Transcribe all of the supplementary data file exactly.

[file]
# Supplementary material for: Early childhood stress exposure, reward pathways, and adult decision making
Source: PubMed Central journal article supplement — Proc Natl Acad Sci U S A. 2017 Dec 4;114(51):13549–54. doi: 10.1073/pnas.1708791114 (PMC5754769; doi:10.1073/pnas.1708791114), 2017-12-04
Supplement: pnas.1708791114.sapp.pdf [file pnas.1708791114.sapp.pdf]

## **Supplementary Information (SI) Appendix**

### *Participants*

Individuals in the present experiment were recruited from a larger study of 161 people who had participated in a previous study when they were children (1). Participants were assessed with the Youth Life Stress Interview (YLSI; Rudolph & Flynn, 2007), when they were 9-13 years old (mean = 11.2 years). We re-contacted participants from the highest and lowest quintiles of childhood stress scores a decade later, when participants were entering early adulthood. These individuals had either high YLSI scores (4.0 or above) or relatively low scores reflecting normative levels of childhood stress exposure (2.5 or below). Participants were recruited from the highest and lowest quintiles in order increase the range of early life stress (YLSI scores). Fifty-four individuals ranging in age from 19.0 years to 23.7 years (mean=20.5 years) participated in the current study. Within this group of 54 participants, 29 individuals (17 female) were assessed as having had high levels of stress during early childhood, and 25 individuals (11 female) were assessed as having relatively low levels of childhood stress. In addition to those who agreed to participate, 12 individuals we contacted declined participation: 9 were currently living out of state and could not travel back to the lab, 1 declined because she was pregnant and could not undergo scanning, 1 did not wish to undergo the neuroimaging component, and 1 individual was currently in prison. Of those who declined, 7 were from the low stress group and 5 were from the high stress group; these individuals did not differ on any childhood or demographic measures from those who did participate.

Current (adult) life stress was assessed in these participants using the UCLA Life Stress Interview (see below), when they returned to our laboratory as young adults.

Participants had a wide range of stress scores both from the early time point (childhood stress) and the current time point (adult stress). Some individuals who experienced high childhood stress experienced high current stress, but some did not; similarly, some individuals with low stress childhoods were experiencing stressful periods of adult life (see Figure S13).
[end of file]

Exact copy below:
# Supplementary material for: Early childhood stress exposure, reward pathways, and adult decision making
Source: PubMed Central journal article supplement — Proc Natl Acad Sci U S A. 2017 Dec 4;114(51):13549–54. doi: 10.1073/pnas.1708791114 (PMC5754769; doi:10.1073/pnas.1708791114), 2017-12-04
Supplement: pnas.1708791114.sapp.pdf [file pnas.1708791114.sapp.pdf]

## **Supplementary Information (SI) Appendix**

### *Participants*

Individuals in the present experiment were recruited from a larger study of 161 people who had participated in a previous study when they were children (1). Participants were assessed with the Youth Life Stress Interview (YLSI; Rudolph & Flynn, 2007), when they were 9-13 years old (mean = 11.2 years). We re-contacted participants from the highest and lowest quintiles of childhood stress scores a decade later, when participants were entering early adulthood. These individuals had either high YLSI scores (4.0 or above) or relatively low scores reflecting normative levels of childhood stress exposure (2.5 or below). Participants were recruited from the highest and lowest quintiles in order increase the range of early life stress (YLSI scores). Fifty-four individuals ranging in age from 19.0 years to 23.7 years (mean=20.5 years) participated in the current study. Within this group of 54 participants, 29 individuals (17 female) were assessed as having had high levels of stress during early childhood, and 25 individuals (11 female) were assessed as having relatively low levels of childhood stress. In addition to those who agreed to participate, 12 individuals we contacted declined participation: 9 were currently living out of state and could not travel back to the lab, 1 declined because she was pregnant and could not undergo scanning, 1 did not wish to undergo the neuroimaging component, and 1 individual was currently in prison. Of those who declined, 7 were from the low stress group and 5 were from the high stress group; these individuals did not differ on any childhood or demographic measures from those who did participate.

Current (adult) life stress was assessed in these participants using the UCLA Life Stress Interview (see below), when they returned to our laboratory as young adults.

Participants had a wide range of stress scores both from the early time point (childhood stress) and the current time point (adult stress). Some individuals who experienced high childhood stress experienced high current stress, but some did not; similarly, some individuals with low stress childhoods were experiencing stressful periods of adult life (see Figure S13).